The following day, we started our XC race bright and early. I had a pretty good start up near the front of the pack, but was almost immediately caught behind what seemed like a road-style crash, with people and bikes all piling on. Unfortunately, this meant I started at what felt like basically the back of the pack. Fortunately, the holeshot was the entire climb away, and feeling strong I passed a bunch of people up the still-snowy ad slick climb. All these long climbs in races made me glad I put my 2×9 rings back on, and after the race, Luke actually admitted he could have used more gears. Anyhow, after working pretty hard on the climb and the road section, I finally got into the woods. It would seem that the snow had melted a bit and refroze, so the riding was a lot more slippery than our preride the previous day, and I just felt all over the place in terms of handling. Still, it was pretty fun to get loose in the snow, and I caught a few more people. Coming down the descent the second time, however, I crashed pretty hard and had to straighten out my bars. Unscathed, I continued down to the finish, ready to ride one more lap, but a marshal waved me through the finish and off the course. Confused, I learned that I had been pulled because I had been lapped by the DI leader, not by the leader of my field. I was a little bummed, since I had saved some energy for the last climb and think I could have caught some more people, but happy enough to get out of the cold.

During the day, it warmed up and we headed back out to the course to spectate the women’s race and downhill. We found a great corner by the top of the descent

Joined by UVM, NU, and RIT, we got a pretty excellent ECCC heckling crowd going as we watched the women slog up the now-muddy climb. After a bit more heckling, grilling and American flag-waving, we headed over to the downhill course to watch people rip through the rock garden. This time though, somebody actually took one of our hotdog handups! A UVM rider had qualified in 1st in D1, while a couple Wentworth guys were up there in D2, and even though they didn’t manage to keep the win, they made it to the podium and it was pretty cool to watch them represent the ECCC.

I had a great time representing MIT and the ECCC at Nationals this year, and my only disappointment was not being able to find the legendary nationals crit (I brought my skinsuit ;) ). What really made it special was to be able to hang out with all the other folks from the conference from NU, RIT, UMass, UVM, and BU – racing’s a whole lot more fun when you’re doing it with a bunch of friends.

Thanks for the opportunity, and see you out on the bike!

-Ben Eck

Mountain Bike Easterns at Highland

On Columbus Day weekend, we wrapped up an awesome season of racing with Easterns Championships at Highland mountain bike park!  We had an excellent turnout with a bunch of new-to-MTB racers, and some great results, including a win in the D2 Weekend Omnium! Here are some words from Beth Hadley, who swept the Women’s B Endurance races:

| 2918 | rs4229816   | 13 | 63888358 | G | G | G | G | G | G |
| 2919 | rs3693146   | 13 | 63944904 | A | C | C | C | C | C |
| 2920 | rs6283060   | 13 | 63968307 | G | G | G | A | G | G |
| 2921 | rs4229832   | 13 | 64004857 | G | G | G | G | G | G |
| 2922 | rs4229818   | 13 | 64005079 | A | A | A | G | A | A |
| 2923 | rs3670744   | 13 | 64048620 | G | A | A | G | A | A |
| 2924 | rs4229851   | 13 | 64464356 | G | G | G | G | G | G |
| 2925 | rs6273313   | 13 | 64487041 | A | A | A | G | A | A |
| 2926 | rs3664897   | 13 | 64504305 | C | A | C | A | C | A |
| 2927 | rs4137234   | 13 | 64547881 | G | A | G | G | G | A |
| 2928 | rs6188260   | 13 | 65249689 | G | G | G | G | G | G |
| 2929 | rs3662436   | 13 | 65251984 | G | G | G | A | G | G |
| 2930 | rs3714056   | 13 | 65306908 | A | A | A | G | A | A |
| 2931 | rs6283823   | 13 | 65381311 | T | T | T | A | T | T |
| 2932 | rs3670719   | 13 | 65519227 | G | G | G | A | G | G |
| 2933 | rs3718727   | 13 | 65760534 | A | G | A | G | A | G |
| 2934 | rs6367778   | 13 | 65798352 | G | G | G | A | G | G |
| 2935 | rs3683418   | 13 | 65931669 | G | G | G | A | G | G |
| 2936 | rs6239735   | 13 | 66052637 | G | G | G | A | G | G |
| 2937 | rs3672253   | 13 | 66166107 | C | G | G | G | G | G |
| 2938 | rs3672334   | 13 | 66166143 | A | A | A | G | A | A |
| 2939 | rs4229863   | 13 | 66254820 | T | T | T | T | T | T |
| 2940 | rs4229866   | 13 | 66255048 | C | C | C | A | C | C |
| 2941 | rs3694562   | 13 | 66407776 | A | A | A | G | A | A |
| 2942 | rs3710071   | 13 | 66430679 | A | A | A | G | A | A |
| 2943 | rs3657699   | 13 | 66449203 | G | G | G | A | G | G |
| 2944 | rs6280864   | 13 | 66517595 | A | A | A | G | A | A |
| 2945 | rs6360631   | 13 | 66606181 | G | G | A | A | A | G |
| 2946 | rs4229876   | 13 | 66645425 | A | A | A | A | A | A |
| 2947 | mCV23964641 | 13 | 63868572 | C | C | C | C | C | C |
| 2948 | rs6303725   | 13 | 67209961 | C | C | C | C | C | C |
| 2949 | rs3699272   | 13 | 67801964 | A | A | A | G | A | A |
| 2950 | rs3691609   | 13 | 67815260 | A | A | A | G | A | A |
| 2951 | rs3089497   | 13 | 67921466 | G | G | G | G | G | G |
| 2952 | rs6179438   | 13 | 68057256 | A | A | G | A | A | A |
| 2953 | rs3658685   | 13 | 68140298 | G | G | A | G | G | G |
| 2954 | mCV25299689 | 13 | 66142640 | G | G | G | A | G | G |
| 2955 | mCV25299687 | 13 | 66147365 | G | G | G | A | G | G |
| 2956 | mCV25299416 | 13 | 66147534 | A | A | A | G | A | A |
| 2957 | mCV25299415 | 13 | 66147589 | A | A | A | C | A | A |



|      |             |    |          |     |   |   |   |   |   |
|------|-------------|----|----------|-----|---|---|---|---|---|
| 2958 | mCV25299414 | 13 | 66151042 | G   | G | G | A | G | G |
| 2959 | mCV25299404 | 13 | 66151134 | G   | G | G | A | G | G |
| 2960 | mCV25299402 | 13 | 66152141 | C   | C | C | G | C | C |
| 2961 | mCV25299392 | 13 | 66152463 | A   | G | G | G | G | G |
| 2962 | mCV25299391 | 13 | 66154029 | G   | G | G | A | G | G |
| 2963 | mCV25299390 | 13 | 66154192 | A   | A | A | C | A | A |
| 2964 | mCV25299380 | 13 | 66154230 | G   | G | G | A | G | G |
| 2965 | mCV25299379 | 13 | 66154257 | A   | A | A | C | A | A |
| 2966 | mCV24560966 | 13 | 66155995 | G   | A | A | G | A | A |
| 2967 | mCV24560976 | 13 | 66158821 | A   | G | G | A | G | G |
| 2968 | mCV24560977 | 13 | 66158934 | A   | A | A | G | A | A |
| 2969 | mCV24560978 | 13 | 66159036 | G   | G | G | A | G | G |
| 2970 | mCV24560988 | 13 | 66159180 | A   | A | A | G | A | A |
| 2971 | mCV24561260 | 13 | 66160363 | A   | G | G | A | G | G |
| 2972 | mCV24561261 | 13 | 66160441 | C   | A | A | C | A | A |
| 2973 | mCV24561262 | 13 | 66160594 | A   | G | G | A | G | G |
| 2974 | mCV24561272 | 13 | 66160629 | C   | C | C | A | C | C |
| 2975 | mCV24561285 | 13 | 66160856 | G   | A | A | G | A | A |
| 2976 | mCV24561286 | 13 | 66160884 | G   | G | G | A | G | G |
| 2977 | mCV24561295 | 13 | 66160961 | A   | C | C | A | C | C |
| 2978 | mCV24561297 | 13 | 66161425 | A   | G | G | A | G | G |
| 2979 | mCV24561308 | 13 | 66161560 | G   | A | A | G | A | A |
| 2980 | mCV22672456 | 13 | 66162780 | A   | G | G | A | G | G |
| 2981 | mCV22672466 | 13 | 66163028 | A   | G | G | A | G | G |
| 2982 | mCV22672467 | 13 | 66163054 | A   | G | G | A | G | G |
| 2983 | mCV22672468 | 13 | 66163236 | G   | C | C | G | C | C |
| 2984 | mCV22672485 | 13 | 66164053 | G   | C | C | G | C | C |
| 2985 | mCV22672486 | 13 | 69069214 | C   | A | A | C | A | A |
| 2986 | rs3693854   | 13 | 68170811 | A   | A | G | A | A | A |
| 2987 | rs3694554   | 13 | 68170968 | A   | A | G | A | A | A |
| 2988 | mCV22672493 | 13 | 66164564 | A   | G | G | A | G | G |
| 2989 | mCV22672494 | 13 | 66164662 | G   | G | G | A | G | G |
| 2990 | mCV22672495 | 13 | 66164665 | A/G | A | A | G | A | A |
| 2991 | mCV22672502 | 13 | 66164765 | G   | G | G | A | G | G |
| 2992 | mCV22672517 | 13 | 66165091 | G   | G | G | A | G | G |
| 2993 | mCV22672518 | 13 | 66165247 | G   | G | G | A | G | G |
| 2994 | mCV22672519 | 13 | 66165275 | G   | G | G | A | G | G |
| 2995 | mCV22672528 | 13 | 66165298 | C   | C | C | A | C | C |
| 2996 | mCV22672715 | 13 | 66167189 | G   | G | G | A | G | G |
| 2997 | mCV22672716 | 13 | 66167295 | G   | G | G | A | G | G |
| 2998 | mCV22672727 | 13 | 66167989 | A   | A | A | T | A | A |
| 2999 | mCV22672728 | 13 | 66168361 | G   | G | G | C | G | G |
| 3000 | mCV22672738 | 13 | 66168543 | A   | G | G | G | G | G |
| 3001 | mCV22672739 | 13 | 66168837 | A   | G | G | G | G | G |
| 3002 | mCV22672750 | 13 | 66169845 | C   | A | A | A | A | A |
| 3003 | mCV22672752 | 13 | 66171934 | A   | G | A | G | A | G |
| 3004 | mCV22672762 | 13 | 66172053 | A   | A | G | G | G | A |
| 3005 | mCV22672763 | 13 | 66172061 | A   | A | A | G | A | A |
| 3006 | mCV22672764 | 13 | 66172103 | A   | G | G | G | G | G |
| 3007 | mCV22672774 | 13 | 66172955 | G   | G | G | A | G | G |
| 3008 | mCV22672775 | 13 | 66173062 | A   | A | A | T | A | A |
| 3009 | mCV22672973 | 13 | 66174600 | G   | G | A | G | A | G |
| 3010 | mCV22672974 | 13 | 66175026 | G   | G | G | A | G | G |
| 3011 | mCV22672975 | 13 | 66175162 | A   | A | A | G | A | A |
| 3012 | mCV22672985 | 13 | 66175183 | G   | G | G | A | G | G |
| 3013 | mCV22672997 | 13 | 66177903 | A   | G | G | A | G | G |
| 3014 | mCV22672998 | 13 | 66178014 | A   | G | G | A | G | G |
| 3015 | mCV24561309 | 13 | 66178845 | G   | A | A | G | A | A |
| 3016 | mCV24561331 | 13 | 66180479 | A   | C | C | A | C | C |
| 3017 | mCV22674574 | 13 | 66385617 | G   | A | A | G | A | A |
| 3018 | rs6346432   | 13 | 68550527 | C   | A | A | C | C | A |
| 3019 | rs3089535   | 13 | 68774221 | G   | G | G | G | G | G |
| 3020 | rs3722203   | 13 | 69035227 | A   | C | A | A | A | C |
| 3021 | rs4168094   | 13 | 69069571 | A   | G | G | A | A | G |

A little coaching goes a long way. I’ll leave it as an exercise to the reader to deduce what a lot of coaching can do. I realized this in a profound way this past weekend at the ECCC Eastern Mountain Biking Championships. As a novice to all things cycling, I enjoyed a warm welcome this season which ultimately culminated in a memorable championships race weekend. We were delighted to be joined by Coach Constantine Psimopoulos, our newly adopted Mountain Bike Team Coach. He contributes years of experience, both coaching and racing, to our team, and his academic and research interests allow him to relate well with us as MIT students. We enjoyed a clinic session with him in the Fells a few weeks earlier, and it was during that session that I really began to think more critically about my racing technique, especially focusing on a powerful start and competitive finish. During championships, to prepare us for our races, Coach Psi led us through regimented warm-ups, stretching sessions, and strategy discussions. For the first time, I learned to engage both my brain and my body in the race before the ‘go’ was announced. Although I got my first taste of victory this past weekend by winning both of my races, the real victory lies in the knowledge I gained this season from our coach and my fellow riders. Now as the season wraps up I look to the future, I eagerly await many more great rides with this wonderfully welcoming and helpful team.

– Beth Hadley ’15

While I can’t say I won anything, I had a couple great days of racing too. The XC course was pretty flat, but really challenging technically. The Men’s A did 6 laps, which turned into a 2.5+ hour  race for me (normally XC races are ~2 hrs). At the the end of it, I had to lie down for a few minutes before walking back to the cars, but I’m happy to say  I finished all 6 laps without getting pulled while surviving a brutal double-bonk. What really made the racing special though, was being able to race with a bunch of teammates and seeing all the new faces  out on the course.